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Int J Public Health. 2015 Nov;60(7):865-72. doi: 10.1007/s00038-015-0723-6. Epub 2015 Aug 23.

A systematic literature review of the quality of evidence for injury and rehabilitation interventions in humanitarian crises.

Author information

1
Public Health in Humanitarian Crises Group, London School of Hygiene and Tropical Medicine, London, UK. james.dominic.smith@gmail.com.
2
ECOHOST-The Centre for Health and Social Change, The London School of Hygiene and Tropical Medicine, London, UK.
3
Public Health in Humanitarian Crises Group, London School of Hygiene and Tropical Medicine, London, UK.
4
Department of Orthopaedic Surgery, University of California, San Francisco, USA.

Abstract

INTRODUCTION:

Humanitarian crises continue to pose a significant threat to health; the United Nations estimates that 144 million people are directly affected by conflict or environmental disasters. During most humanitarian crises, surgical and rehabilitative interventions remain a priority.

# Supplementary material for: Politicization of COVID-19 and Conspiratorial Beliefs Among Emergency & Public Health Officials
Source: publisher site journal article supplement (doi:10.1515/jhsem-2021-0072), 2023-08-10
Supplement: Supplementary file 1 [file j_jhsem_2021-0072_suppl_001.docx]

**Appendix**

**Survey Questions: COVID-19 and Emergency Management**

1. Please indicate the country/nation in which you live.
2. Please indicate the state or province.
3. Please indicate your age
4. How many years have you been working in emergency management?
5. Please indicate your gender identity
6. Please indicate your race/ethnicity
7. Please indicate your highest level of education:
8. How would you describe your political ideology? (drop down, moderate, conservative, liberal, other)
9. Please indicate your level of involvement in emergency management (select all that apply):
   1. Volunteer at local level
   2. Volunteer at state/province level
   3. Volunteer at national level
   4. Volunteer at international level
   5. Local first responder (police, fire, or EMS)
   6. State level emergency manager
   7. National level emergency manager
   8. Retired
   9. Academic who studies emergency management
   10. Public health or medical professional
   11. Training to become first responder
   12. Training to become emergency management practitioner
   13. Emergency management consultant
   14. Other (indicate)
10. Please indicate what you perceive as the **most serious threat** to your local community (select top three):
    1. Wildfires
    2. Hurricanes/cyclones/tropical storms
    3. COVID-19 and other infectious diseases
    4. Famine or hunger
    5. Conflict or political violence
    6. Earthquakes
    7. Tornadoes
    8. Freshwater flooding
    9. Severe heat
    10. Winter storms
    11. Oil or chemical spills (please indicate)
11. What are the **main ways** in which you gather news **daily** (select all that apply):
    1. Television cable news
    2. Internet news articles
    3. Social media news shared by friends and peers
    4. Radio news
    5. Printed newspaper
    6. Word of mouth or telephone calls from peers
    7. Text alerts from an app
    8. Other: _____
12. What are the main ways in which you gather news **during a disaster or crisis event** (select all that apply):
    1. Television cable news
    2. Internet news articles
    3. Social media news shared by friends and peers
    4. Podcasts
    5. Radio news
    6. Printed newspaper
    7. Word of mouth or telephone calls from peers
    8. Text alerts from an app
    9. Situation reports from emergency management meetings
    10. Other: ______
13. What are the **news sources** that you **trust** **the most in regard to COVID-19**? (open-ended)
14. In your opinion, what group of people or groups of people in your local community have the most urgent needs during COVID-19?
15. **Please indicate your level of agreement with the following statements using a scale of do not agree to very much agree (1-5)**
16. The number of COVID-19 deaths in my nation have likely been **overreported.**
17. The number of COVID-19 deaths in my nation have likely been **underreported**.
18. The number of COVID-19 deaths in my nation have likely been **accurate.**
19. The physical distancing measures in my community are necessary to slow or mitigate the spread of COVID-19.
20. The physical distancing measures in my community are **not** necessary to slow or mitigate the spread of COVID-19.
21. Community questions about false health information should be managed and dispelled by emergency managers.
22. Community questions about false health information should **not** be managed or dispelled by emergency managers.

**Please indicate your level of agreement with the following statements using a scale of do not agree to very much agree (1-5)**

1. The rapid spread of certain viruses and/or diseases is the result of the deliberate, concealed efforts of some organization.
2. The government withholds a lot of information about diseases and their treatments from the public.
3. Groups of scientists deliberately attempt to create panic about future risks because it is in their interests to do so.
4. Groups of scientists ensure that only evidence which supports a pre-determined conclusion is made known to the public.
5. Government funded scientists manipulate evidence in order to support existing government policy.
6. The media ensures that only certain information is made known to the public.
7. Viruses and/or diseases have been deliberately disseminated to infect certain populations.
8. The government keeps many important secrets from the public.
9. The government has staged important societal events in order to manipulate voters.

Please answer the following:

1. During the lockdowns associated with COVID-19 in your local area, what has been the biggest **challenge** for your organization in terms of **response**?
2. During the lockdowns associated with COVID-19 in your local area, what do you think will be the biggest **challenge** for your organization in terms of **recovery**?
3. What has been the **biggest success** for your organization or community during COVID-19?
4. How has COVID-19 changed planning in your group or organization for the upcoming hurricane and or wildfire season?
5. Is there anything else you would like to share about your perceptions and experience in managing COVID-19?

OBJECTIVES:

This review assessed the quality of evidence that informs injury and physical rehabilitation interventions in humanitarian crises.

METHODS:

Peer-reviewed and grey literature sources were assessed in a systematic manner. Selected papers were evaluated using quality criteria based on a modified version of the STROBE protocol.

RESULTS:

46 papers met the inclusion criteria. 63 % of the papers referred to situations of armed conflict, of which the Yugoslav Wars were the most studied crisis context. 59 % of the studies were published since the year 2000. However, only two studies were considered of a high quality.

CONCLUSIONS:

While there is now a greater emphasis on research in this sector, the volume of evidence remains inadequate given the growing number of humanitarian programmes worldwide. Further research is needed to ensure a greater breadth and depth of understanding of the most appropriate interventions in different settings.

KEYWORDS:

Conflict; Disasters; Global surgery; Humanitarianism; Injury; Rehabilitation

PMID:
26298446
PMCID:
PMC4636531
DOI:
10.1007/s00038-015-0723-6
[Indexed for MEDLINE]
Free PMC Article

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